• The weight of the pack (fundamental in setting the running speed);
  • The fitness of the group; and
  • Will a major action (i.e. war-fighting) have to be carried out upon arrival at the destination or it is more important simply to get to the destination as quickly as possible.

Conducting a Speed March, and training for it, must therefore always be focused on the objective. Some examples are shown below:

  • Moving a group as quickly as possible out of an area where a NBC (nuclear, biological or chemical) attack has taken place.
    • Distance: 3-5 km.
    • Pack: minimum required (basic combat equipment; weight ±10 kg).
    • Speed: The running portion is large, at high speed. The walking portion is minimal at high speed.
  • Moving a group to an attack area, carrying out an action and then leaving the area.
    • Distance: 3-5 km.
    • Pack: basic combat equipment + extra materiel; weight ±15-20 kg).
    • Speed into attack area: alternating the running portion and walking portion to ensure that the group can still go into action upon arrival (e.g. 2 min walking and 1 min running or 1 min walking and 1 min running).
    • Speed on leaving attack area: possibly with less materiel; running portion greater than walking portion (e.g. 2 min running and 1 min walking or 1 min running and half a minute walking).
  • Combat Fitness Tests with pre-set requirements to ensure an advanced level of fitness (see The Loaded March: Overview).
    • Advanced Combat Fitness Test 1 (ACFT 1):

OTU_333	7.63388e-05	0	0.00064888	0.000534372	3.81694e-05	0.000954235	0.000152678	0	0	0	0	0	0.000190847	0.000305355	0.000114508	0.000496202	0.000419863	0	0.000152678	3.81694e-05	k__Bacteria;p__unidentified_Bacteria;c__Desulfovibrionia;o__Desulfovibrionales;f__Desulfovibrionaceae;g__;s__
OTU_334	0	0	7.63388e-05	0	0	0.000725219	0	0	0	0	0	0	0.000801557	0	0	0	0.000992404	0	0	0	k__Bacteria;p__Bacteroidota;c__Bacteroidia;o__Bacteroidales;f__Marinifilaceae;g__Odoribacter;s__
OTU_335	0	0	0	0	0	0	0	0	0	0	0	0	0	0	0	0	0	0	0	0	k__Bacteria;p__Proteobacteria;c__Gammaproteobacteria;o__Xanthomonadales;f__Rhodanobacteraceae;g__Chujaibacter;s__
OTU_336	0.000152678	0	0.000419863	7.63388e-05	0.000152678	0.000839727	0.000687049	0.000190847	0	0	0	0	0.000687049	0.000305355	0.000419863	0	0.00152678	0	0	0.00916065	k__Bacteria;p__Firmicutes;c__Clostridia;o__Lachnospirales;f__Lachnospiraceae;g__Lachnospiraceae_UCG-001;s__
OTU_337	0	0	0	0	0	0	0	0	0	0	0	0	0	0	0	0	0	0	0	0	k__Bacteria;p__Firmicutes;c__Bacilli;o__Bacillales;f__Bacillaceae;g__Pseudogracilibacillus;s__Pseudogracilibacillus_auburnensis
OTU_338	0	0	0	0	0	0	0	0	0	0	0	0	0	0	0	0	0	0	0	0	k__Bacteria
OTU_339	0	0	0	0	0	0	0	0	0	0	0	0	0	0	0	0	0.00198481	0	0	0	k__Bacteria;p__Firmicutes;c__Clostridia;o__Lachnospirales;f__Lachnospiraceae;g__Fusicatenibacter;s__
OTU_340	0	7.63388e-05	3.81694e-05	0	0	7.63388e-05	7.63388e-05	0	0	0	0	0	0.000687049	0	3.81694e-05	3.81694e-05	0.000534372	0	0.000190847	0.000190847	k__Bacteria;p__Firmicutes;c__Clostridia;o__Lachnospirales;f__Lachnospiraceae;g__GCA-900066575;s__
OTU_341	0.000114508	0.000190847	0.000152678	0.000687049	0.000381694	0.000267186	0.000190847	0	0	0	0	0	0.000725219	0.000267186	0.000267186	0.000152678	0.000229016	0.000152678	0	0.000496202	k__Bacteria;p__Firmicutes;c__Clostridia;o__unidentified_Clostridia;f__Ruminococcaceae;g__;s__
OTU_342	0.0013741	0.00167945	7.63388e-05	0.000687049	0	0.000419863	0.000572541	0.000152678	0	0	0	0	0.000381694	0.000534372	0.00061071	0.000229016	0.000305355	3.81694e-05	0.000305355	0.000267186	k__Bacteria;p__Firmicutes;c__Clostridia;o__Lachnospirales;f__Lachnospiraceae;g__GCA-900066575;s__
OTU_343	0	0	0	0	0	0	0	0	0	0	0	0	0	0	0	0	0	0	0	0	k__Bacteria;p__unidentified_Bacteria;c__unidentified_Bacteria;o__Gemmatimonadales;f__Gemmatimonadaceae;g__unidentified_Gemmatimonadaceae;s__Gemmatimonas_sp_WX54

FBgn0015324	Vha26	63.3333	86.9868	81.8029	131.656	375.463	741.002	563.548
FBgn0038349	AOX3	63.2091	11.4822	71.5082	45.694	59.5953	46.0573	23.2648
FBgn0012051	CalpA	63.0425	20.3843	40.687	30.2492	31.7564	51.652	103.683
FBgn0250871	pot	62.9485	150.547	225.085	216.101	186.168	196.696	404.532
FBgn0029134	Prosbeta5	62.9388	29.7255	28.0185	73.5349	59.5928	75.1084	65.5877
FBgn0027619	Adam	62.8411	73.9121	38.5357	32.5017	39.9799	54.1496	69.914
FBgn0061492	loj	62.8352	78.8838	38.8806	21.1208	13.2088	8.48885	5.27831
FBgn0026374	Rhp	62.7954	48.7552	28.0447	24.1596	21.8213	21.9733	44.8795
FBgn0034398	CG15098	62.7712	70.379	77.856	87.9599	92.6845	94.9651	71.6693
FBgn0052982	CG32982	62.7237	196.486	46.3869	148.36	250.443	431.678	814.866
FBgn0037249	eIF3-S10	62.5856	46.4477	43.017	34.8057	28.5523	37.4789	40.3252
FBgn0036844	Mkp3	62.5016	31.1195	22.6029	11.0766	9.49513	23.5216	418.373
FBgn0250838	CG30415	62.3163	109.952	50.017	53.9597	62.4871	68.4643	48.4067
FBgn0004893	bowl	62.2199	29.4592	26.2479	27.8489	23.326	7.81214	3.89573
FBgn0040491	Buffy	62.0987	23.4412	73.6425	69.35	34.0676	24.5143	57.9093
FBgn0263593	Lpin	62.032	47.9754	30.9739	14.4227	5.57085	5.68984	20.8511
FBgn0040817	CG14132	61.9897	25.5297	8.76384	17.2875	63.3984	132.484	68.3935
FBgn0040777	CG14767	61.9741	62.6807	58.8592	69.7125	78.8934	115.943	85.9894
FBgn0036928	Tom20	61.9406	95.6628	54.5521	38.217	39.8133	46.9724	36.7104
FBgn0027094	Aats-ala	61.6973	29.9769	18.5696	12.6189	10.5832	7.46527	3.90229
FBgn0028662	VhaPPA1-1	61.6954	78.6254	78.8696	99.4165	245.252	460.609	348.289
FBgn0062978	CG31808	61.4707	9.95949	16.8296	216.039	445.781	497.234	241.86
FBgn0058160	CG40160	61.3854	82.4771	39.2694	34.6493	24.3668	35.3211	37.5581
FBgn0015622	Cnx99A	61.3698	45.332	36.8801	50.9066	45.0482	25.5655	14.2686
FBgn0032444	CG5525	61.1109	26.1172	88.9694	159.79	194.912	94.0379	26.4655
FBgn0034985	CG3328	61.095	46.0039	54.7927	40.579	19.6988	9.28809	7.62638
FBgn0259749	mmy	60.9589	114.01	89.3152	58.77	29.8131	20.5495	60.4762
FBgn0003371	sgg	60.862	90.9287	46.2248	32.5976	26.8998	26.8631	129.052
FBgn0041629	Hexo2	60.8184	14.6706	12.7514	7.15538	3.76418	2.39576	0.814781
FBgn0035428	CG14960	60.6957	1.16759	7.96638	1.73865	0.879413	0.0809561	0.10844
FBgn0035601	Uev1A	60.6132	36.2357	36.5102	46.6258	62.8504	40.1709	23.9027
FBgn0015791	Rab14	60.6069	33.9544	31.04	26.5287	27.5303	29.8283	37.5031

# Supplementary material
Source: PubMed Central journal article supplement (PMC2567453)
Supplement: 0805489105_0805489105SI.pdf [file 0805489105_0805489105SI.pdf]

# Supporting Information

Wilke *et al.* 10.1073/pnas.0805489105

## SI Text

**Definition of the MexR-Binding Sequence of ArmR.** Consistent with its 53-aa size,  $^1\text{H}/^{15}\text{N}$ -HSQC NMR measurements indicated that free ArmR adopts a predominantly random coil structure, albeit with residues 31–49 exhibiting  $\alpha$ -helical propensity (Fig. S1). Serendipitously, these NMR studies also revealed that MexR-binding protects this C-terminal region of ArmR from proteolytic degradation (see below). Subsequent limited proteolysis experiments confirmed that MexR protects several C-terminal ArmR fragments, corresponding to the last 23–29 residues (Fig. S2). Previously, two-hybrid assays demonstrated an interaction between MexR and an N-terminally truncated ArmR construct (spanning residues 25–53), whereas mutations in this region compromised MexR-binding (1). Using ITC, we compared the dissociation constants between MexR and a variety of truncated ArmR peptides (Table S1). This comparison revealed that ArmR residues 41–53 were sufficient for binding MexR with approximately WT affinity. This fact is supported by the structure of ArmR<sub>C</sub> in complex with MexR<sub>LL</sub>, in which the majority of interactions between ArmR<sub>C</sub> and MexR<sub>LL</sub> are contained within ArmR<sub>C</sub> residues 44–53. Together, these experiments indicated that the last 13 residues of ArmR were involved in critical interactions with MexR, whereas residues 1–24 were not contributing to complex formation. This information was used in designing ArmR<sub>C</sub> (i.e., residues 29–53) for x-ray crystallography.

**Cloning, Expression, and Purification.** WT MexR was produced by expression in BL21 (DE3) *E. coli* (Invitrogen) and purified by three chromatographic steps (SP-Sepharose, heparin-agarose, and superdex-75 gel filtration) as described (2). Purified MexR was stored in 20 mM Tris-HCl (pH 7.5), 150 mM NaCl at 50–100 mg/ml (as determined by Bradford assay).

• Distance: 2.4 km.
      • Pack: Basic combat equipment + small backpack or mainframe: 20 kg (44 lb).
      • Speed: 15 minutes. Speed March protocol to achieve 15 minutes: 2 minutes running (9 km/hr (300 m in 2 min)) + 1 minute walking (6 km/hr (100 m in 1 min)).
    • ACFT 2 (Day 1):
      • Distance: 20 km.
      • Pack: Basic combat equipment + large backpack or mainframe: 30 kg (66 lb).
      • Speed: 3 hours and 30 minutes. Loaded Carry protocol to achieve 3 hours and 30 minutes: 210 minutes walking (6 km/hr (100 m in 1 min)).

8.2     The Conduct of Speed March Training

The basic principles for the conduct of the Loaded March training were discussed earlier and the principles are more or less the same for the Speed March. However, one of the main characteristics of a Speed March is its high-impact nature (i.e. its impact on tendons, ligaments and joints). The combination of the high-impact and the wearing of combat boots can result in the increased likelihood of injury (e.g. Achilles’ heel and lower leg complaints). By following these simple steps, the incidence of injury can be reduced:

  • Start with normal marching: the body will adjust and boots can be ‘worn in’;
  • Footwear: individuals should wear running shoes during the first two Speed Marches. Emphasis should be on learning the Speed March discipline without overdue exertion and stress.
  • Unpaved surface: a level, unpaved surface (e.g. forest path) should be used to provide more absorption of the high-impact shocks;
  • Strength and Endurance: strength and endurance training should be combined with specific Speed March training in order to optimise Speed March performance;
  • Endurance: is a decisive factor in Speed Marching. Endurance can be improved by conducting an endurance training session at least twice per week;
  • Intensity: the final element to be increased is the intensity of Speed March training. A logical build-up in intensity would entail:
    • Increasing the weight of the packs;
    • Increasing the running speed;
    • Reducing walking time and increasing running time, e.g.:
      • Two minutes of walking, one minute of running;
      • One minute of walking, one minute of running;
      • One minute of walking, two minutes of running.
When structuring Speed March training, the following should be borne in mind: